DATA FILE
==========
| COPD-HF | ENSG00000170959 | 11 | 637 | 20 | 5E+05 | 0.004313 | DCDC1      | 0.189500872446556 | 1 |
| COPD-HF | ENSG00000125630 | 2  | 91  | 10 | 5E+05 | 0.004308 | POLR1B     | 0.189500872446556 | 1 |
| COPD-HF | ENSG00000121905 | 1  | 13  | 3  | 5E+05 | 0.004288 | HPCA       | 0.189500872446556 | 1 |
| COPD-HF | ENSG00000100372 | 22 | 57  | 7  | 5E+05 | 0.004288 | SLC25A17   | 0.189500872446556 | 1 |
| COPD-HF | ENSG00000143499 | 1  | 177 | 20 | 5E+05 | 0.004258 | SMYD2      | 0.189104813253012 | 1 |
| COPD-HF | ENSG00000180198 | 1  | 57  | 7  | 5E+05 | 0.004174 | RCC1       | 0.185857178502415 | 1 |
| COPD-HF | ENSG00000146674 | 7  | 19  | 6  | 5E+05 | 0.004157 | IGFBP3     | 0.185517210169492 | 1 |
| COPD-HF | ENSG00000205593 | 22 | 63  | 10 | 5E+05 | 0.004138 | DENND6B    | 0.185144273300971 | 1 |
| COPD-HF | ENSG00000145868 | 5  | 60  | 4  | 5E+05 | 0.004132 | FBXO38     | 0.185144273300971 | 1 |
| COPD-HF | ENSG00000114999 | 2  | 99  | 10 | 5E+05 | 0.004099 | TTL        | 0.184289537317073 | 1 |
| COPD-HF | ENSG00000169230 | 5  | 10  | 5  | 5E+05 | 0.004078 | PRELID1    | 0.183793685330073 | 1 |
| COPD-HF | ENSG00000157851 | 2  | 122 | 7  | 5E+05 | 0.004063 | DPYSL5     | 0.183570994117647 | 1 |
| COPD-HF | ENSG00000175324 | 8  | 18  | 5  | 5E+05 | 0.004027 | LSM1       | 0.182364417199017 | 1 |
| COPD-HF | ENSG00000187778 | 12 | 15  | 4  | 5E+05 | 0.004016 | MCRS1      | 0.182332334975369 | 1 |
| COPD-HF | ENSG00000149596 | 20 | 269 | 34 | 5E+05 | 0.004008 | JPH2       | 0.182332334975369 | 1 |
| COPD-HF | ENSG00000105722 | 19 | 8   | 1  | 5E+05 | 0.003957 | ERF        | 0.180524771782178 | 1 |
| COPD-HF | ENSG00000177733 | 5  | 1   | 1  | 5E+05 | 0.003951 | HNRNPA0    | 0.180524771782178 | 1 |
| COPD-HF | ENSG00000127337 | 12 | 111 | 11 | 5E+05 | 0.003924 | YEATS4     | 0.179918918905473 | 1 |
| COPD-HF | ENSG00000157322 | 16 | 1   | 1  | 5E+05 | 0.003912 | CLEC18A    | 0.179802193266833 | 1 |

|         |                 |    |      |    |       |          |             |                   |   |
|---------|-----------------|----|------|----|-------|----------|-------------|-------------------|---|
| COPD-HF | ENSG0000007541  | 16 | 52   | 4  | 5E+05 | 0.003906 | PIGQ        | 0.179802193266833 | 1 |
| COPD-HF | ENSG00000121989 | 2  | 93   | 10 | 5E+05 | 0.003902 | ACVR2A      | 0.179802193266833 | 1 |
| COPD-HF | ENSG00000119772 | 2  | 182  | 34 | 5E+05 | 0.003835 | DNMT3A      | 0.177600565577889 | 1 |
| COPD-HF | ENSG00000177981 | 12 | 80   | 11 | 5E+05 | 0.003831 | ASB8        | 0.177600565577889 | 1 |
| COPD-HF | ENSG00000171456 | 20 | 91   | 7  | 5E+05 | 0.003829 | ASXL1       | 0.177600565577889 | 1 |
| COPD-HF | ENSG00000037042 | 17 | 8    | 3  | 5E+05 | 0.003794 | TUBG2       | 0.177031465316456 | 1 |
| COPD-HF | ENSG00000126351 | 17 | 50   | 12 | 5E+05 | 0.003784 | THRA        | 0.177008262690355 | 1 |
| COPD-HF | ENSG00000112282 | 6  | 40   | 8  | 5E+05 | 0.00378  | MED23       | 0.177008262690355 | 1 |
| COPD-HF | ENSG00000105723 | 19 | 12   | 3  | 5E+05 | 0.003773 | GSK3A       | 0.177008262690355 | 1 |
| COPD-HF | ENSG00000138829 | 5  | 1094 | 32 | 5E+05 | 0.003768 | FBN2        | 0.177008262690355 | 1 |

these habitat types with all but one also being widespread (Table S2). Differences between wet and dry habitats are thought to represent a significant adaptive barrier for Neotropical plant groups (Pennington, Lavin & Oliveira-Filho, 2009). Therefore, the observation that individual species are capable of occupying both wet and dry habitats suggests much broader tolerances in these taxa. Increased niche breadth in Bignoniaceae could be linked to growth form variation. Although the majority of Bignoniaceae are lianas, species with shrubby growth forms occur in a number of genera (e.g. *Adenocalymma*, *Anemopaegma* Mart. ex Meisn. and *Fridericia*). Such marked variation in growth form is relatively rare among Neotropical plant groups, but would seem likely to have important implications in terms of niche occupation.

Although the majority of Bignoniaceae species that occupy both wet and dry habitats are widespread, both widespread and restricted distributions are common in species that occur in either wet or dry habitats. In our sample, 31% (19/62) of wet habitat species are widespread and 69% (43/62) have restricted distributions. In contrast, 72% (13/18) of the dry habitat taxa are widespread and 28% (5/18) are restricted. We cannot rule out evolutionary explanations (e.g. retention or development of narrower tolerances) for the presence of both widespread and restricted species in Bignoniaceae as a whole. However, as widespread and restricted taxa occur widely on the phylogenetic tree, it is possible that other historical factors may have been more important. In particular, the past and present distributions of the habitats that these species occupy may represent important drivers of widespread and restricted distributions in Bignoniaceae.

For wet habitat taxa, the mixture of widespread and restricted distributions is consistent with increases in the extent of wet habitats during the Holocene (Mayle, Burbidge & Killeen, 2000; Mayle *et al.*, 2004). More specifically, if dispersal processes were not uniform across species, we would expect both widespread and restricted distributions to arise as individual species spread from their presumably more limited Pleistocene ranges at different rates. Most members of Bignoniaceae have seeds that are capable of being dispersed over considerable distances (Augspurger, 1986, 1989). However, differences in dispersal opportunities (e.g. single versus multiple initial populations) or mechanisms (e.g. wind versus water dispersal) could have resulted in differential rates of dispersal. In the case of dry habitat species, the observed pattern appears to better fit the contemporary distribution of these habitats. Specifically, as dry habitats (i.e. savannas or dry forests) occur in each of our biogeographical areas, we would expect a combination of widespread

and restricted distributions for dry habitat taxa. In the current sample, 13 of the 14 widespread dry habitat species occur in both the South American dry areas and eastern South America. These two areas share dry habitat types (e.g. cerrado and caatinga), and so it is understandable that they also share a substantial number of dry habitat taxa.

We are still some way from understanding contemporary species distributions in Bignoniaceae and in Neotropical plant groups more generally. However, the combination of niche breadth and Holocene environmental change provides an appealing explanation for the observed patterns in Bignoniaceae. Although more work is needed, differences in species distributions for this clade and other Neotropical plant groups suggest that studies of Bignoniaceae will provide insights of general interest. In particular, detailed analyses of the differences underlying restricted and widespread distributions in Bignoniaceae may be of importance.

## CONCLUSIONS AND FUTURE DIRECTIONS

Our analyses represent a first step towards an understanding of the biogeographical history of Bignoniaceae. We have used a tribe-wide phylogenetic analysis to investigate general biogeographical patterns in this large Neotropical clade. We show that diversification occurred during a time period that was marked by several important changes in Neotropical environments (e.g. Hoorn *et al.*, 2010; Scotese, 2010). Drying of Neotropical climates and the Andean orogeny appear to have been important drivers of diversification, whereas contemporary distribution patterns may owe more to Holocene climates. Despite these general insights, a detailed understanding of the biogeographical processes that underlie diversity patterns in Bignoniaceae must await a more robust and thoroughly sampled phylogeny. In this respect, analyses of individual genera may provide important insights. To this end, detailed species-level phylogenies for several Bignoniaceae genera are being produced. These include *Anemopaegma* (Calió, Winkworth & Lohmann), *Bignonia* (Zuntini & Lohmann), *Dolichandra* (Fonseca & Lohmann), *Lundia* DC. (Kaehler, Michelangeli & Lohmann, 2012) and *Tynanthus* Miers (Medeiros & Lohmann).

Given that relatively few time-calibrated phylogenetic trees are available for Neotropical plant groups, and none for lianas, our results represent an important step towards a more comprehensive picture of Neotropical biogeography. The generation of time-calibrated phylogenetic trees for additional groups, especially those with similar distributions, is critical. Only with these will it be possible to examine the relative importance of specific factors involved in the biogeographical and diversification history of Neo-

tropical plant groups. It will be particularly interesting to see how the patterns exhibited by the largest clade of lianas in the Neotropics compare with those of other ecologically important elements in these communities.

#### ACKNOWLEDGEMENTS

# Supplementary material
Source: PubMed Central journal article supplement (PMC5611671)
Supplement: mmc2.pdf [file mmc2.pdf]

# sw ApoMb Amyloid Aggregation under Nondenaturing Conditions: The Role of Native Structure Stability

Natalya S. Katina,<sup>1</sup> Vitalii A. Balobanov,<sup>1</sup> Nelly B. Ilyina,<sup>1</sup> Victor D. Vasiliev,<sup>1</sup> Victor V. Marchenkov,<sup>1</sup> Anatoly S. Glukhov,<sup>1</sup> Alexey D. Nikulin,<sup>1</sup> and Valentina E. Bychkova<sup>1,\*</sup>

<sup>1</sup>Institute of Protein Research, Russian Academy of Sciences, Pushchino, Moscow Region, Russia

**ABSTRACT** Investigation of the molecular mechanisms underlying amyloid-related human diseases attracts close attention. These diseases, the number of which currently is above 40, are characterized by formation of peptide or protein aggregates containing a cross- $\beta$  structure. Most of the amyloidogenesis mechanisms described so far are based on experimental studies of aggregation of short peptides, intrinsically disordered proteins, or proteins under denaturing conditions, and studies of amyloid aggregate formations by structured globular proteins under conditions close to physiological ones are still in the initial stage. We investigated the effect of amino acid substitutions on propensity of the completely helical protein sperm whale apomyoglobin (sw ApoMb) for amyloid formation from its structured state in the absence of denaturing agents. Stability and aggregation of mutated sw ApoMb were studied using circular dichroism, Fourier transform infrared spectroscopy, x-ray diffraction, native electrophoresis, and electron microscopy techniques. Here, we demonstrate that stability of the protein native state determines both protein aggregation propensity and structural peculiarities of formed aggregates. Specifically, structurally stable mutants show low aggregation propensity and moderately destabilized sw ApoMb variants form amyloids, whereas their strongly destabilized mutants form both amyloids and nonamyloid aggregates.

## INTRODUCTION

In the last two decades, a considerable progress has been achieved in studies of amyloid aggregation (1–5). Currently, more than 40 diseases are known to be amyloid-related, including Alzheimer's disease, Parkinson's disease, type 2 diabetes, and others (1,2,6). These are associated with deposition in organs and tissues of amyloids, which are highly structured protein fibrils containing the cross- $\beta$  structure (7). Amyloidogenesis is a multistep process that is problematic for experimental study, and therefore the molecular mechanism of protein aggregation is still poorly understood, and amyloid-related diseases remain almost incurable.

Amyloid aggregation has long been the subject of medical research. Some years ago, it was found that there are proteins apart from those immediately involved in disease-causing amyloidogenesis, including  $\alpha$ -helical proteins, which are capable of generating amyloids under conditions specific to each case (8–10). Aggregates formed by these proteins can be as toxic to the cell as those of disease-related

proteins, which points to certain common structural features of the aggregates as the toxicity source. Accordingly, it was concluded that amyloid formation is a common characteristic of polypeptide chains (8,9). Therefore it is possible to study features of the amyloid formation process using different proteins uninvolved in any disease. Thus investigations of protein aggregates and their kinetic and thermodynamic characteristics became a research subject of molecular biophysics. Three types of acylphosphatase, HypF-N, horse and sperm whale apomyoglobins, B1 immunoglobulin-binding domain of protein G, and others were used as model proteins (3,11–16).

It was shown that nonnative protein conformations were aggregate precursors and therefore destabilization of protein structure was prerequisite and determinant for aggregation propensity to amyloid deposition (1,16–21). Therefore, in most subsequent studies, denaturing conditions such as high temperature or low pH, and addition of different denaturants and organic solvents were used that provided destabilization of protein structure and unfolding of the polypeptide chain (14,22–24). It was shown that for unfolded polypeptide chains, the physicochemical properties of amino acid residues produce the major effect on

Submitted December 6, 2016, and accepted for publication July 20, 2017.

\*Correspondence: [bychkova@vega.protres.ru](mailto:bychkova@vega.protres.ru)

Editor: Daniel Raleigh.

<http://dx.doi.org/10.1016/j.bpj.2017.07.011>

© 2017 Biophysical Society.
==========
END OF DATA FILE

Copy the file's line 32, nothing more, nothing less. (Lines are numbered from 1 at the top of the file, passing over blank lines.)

these habitat types with all but one also being widespread (Table S2). Differences between wet and dry habitats are thought to represent a significant adaptive barrier for Neotropical plant groups (Pennington, Lavin & Oliveira-Filho, 2009). Therefore, the observation that individual species are capable of occupying both wet and dry habitats suggests much broader tolerances in these taxa. Increased niche breadth in Bignoniaceae could be linked to growth form variation. Although the majority of Bignoniaceae are lianas, species with shrubby growth forms occur in a number of genera (e.g. *Adenocalymma*, *Anemopaegma* Mart. ex Meisn. and *Fridericia*). Such marked variation in growth form is relatively rare among Neotropical plant groups, but would seem likely to have important implications in terms of niche occupation.